Patients after organ transplantation are under constant monitoring to determine proper organ function and immune status relating to the transplant. Particularly, the determination of the proper concentration of immunosuppressive drugs is standard today and is carried out very regularly. The suppression of the body's defense, which would quickly destroy the foreign organ, is imperative in transplant patients.
Recognizing the body’s rejection of the organ so early that serious damage can be avoided is very difficult with the existing methods.
A functional limitation in kidney transplant aftercare is that 50% loss of function might have already occurred, before a rejection of the transplant is recognized using the conventional serum creatinine measurement, with the risk of serious damage to the kidney.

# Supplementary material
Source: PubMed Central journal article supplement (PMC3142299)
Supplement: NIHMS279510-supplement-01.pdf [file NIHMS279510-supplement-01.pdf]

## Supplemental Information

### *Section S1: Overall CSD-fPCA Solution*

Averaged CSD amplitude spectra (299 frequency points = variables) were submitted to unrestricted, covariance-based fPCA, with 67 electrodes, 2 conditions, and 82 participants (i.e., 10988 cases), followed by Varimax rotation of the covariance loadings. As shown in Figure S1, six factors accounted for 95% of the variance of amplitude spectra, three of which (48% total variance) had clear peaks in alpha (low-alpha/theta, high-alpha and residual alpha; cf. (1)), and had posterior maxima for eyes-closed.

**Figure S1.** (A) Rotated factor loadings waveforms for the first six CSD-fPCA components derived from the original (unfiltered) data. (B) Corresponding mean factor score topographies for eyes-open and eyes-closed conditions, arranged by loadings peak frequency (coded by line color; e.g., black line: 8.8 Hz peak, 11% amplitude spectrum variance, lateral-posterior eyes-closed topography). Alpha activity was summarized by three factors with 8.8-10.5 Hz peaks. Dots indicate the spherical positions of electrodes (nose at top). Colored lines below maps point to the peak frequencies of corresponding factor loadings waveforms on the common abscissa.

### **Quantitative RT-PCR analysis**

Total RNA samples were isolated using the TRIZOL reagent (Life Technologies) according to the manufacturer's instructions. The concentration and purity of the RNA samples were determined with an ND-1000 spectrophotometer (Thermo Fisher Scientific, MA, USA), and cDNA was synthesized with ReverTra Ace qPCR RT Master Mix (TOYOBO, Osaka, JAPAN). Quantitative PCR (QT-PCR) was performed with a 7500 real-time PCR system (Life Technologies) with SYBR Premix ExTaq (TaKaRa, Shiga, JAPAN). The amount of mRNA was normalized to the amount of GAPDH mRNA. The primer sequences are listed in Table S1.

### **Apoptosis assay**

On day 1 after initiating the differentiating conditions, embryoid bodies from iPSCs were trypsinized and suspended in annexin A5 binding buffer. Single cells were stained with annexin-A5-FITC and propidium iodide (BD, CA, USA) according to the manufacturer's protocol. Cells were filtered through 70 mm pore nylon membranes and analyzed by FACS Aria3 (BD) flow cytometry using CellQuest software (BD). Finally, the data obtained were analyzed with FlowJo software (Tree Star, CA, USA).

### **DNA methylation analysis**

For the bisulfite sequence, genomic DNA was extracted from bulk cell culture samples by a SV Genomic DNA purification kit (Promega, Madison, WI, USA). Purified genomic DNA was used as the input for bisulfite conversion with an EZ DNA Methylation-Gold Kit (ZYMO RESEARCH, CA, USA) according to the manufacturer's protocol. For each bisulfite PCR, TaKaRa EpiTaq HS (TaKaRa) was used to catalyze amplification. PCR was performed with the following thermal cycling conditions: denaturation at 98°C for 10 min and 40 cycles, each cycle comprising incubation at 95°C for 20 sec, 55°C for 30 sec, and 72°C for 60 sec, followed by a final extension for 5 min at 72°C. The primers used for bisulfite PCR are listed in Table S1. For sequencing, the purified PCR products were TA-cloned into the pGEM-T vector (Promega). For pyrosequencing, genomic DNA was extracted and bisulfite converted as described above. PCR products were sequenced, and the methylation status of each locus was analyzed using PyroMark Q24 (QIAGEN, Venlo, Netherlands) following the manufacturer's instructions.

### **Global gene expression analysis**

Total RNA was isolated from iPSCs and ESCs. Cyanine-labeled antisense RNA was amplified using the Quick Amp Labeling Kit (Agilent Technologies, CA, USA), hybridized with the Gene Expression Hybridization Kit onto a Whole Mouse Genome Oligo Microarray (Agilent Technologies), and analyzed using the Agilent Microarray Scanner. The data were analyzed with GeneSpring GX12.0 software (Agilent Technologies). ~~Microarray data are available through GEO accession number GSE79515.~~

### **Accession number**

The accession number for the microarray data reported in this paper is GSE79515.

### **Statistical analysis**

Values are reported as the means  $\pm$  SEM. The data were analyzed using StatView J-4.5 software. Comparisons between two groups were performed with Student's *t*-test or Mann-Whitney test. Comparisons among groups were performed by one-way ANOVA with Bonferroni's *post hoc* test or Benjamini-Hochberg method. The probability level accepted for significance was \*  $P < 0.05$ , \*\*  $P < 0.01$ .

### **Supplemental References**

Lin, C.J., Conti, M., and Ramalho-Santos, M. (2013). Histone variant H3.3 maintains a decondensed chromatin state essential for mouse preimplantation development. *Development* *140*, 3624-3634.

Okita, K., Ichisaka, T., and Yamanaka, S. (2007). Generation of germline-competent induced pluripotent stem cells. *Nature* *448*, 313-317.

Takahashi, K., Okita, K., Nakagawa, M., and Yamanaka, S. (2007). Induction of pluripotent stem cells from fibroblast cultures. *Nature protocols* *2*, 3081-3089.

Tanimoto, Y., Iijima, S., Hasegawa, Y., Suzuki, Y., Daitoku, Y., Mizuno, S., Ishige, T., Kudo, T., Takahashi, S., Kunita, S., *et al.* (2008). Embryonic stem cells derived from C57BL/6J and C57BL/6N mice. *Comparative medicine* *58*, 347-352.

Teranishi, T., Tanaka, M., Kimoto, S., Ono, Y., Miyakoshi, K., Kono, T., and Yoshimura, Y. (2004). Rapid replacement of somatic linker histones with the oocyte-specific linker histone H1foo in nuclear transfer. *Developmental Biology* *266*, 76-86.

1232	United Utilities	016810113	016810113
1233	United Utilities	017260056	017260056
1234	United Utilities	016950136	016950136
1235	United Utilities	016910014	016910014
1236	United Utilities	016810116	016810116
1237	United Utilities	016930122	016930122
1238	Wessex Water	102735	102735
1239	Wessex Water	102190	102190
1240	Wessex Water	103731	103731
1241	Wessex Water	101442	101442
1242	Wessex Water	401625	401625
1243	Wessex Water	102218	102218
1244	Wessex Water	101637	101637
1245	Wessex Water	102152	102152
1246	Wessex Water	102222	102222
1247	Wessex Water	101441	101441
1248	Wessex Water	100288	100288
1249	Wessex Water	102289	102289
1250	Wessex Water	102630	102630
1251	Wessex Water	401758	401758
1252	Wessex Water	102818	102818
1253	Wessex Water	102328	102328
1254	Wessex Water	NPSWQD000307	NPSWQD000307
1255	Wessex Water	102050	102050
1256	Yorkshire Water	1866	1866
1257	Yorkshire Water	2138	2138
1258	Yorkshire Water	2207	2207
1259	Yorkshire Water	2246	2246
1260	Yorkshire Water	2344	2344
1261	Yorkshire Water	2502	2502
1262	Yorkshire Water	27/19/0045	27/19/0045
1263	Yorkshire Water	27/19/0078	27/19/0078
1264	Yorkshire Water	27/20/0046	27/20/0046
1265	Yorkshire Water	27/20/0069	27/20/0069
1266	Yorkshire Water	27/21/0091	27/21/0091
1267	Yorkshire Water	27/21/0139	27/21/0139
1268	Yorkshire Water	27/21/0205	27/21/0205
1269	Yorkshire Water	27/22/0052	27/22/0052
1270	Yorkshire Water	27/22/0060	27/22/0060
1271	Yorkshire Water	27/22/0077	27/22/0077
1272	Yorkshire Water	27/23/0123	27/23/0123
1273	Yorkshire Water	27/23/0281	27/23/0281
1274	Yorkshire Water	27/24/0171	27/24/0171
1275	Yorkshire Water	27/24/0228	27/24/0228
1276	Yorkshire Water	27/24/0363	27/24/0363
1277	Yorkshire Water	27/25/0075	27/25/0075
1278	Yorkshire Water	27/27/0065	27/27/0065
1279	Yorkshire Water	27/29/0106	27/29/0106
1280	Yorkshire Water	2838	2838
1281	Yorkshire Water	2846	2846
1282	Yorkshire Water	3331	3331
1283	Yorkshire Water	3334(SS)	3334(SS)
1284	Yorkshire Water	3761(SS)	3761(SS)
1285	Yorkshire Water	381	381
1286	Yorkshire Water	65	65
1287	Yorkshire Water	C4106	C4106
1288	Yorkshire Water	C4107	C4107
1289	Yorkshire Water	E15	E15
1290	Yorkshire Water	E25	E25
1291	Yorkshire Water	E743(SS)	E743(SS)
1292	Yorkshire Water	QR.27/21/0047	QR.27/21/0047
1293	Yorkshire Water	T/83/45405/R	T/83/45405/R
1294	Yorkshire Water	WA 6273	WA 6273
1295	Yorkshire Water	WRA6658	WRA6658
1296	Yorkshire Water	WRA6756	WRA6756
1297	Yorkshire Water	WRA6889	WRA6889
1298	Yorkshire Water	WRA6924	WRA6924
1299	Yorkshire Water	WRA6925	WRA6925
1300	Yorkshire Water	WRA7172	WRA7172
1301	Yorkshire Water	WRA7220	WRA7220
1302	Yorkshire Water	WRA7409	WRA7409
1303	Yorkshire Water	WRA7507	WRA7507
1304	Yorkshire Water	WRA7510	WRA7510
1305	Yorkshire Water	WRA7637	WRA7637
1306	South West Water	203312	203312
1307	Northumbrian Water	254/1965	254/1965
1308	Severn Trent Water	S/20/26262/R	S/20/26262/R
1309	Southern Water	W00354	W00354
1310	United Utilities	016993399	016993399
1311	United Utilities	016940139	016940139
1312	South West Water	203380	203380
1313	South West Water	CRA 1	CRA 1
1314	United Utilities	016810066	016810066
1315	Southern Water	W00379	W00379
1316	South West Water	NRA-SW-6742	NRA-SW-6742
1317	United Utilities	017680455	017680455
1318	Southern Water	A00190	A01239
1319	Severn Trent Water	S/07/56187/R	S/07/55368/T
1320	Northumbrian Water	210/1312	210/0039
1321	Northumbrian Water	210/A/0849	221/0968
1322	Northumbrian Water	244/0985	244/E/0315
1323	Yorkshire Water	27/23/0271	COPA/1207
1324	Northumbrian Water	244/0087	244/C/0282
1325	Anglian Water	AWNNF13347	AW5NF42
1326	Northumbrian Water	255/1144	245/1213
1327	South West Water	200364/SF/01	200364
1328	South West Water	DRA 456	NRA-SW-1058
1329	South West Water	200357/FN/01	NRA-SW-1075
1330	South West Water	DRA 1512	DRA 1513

The determination of the immunosuppressive drug concentration is very well suited to avoid side effects and overdoses, but has only limited significance for measuring the effectiveness of the immunosuppressive effect. Also, a constant high dosage of the immunosuppressive drug is not possible, since this leads to long-term damage to, for example, the kidney.
An immunosuppression drug treatment must always be as high as necessary to allow for organ acceptance by the patient’s body and as low as possible to minimize side effects - it is indeed a delicate balancing act.